Studying for Master of Science
Area of study:
Space weather forecasting using Hidden Markov models
Supervisor: Ting Wang
Title: Space weather forecasting using Hidden Markov models
Supervisors: Associate Professor Ting Wang and Dr Matthew Parry
- Bachelor of Science (Hons) in Statistics (University of Otago)
- Bachelor of Science in Statistics (University of Otago)
The study of space weather concerns interactions between the Sun and Earth. Charged particles originating from the Sun entering Earth’s atmosphere (called solar wind) interact with the Earth’s magnetic field - also referred to as Earth’s magnetosphere, which runs thousands of kilometres deep into space. The Earth’s magnetic field provides some protection from solar wind by deflecting the particles or channelling them toward the poles, but when solar wind is strong enough it can lead to perturbations of the magnetic field on the surface of the Earth called geomagnetic storms. This occurs when the interactions cause increased plasma movement and pressure in the magnetosphere, which causes inflation and therefore disturbance of Earth’s magnetic field. When extreme, geomagnetic storms can damage energy infrastructure, causing power outages and danger to human life, so it is of interest to study these storms.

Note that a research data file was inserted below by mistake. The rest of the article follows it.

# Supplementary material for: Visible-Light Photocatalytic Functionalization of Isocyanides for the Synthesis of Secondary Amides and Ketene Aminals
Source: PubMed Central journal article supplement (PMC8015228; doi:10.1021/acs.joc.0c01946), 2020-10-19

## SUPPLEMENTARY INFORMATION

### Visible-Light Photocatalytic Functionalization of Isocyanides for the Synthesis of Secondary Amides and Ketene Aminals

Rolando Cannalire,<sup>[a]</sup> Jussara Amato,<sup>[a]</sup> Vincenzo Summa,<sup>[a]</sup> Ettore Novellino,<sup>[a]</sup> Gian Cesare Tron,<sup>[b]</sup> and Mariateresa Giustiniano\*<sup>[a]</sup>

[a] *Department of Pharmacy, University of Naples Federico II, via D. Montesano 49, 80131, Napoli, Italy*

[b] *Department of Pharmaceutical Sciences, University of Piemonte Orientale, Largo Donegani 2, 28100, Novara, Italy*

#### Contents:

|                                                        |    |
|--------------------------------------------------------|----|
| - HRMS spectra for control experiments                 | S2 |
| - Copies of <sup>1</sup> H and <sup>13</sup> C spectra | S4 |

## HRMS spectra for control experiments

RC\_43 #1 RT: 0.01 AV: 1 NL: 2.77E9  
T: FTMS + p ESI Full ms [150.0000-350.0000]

It is of particular interest to categorise the activity of geomagnetic storms to understand the temporal occurrence patterns of storms with different magnitudes. Forecasting large/extreme geomagnetic storms could help prevent/mitigate potential damages caused by these storms. While there has been research undertaken by physicists on geomagnetic storms, little systematic statistical analysis has been completed, despite the large amounts of data available on these phenomena.
This project will contribute to a five year research programme, led by Professor Craig Rodger (University of Otago) and funded by the MBIE Endeavor fund, to develop space-weather prediction and risk mitigation measures for New Zealand's energy infrastructure.